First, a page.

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tenderness and commiseration, than the conferring of them; and that the taking care of any person should endear the child or dependent more to the parent or benefactor, than the parent or benefactor to the child or dependent; yet so it happens, that for one cruel parent we meet with a thousand undutiful children. This is indeed won. derfully contrived (as I have formerly observed) for the support of every living species, but at the fame time that it shews the wisdom of the Creator, it discovers the imperfection and degeneracy of the creature.

The obedience of children to their parents is : the basis of all government, and set forth as the measure of that obedience which we owe to those whom Providence hath placed over us.

It is father Le Compte, if I'am not mistaken, who tells us how want of duty in this particular is pu. nished among the Chinese, infomuch that if a fon should be known to kill, or so much as to strike his father, not only the criminal but his whole family would be rooted out, nay the inhabitants of the place where he lived would be put to the sword, nay the place itself would be razed to the ground, and its foundations sown with falt : For, lay they, there must have been an utter depravation of manners in that clan or society of people who could have bred up among them fo horrid an offender. To this I shall add a passage out of the first book : of Herodotus. That historian in his account of the Perpan customs and religion, tells us, It is their opinion that no man ever killed his father, or that it is possible such a crime should be in nature; but. that if any thing like it should ever happen, they. conclude that the reputed son'must have been illegitimate, fuppofititious, or begotten in adultery. Their opinion in this particular thews fufficiently what a notion they must have had of undutifulness in general,


NO 190.


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Servitus crescit nova- Hor. Od. viif. I. 2. v. 18.

A fervitude to former times unknown.
SINCE I made come reflections upon the general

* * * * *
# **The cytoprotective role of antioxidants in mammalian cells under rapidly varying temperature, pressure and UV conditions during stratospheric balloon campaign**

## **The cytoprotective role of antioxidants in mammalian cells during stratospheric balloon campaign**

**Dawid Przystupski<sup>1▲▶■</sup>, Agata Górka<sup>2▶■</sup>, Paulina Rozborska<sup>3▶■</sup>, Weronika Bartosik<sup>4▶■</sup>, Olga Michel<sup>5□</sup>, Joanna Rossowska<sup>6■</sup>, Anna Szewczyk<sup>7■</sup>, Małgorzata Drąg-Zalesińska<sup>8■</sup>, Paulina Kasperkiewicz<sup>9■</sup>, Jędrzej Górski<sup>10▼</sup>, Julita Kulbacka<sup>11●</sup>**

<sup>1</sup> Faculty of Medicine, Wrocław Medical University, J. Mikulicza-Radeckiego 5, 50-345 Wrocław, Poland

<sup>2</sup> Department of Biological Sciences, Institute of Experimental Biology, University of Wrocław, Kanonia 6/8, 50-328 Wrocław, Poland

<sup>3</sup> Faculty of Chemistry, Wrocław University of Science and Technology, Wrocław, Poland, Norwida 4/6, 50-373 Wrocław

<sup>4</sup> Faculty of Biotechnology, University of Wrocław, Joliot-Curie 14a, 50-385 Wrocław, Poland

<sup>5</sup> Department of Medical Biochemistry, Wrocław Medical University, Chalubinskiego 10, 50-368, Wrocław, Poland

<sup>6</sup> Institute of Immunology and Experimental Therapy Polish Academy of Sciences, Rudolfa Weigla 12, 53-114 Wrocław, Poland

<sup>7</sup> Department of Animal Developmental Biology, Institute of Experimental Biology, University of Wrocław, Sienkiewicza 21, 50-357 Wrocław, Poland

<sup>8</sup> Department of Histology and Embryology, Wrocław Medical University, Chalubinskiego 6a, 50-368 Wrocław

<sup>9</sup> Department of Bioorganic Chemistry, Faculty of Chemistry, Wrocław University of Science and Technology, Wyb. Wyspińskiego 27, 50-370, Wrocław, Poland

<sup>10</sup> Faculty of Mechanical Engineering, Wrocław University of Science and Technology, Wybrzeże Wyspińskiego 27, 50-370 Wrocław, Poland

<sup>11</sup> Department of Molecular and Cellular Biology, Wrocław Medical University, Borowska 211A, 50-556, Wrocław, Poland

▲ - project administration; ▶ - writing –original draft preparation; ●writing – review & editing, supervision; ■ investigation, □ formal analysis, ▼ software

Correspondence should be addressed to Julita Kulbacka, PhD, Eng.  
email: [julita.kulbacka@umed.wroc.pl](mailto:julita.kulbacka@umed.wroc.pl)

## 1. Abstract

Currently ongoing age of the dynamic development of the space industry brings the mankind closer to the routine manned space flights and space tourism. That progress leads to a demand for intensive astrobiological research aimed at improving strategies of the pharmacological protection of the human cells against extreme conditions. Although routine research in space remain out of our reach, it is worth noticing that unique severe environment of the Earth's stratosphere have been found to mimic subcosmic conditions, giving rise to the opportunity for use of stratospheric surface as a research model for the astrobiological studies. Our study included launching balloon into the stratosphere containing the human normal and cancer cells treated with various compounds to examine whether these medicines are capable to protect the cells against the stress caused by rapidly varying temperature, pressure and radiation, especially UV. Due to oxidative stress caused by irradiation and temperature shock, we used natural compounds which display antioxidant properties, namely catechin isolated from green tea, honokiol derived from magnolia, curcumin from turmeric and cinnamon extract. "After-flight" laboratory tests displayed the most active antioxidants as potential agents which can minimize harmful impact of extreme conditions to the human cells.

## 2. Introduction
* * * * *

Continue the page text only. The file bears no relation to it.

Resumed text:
negligence used in the case of regard towards wonien, or, in others words, since I talked of wenching; I have had epistles upon that subject, which I shall, for the present entertainment, infert as they lie before me.

As your speculations are not confined to any part

of human life,but concern the wicked as well as the good, I must desire your favourable ace? ceptance of what I, a poor strolling girl about tovil, have to say to you. I was told by a Roman Catholick Gentleman who picked me up last week, and who, I hope, is absolved for what passed between us; I say, I was told by such

a perfon, who endeavoured to convert me to « his own religion, that in countries where Pope' ry prevails, besides the advantage of licensed stews,

there are large endowments given for the Incurabili, I think he called them, such as are past al} remedy, and are allowed such maintainance and support as to keep them without farther care un

til they expire. This inanner of treating poor ' finners has, methinks, great humanity in it; and

as you are a person who pretend to carry your "reflections upon all subjects whatever occur to

you, with candour, and act above the sense of s. what misinterpretation you may meet with, I beg

the favour of you to lay before all the world the * unhappy condition of us poor vagrants, who are 'really in a way of labour instead of idleness. 5. There are crouds of us whose manner of liveli


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· hood has long ceased to be pleasing to us; and

who would willingly lead a new life, if the rigour of the virtuous did not for ever expel us from coming into the world again. As it now happens, to the eternal infamy of the male fex, fallchood among you is not reproachful, but credulity in women is in famous.

• Give me leave, Sir, to give you my history. You are to know that I am a daughter of a man

of a good reputation, tenant to a man of quality, The heir of this great house took it in his head to caft a favourable

eye upon me, and succeeded. * I do not pretend to say he pronised me marri

age : I was not a creature filly enough to be ta• ken by fo foolish a story : But he ran away with

me up to this town, and introduced me to a grave matron, with whom I boarded for a day or two with great gravity, and was not a little pleased with the change of my condition, from • that of a country life to the finest company, as I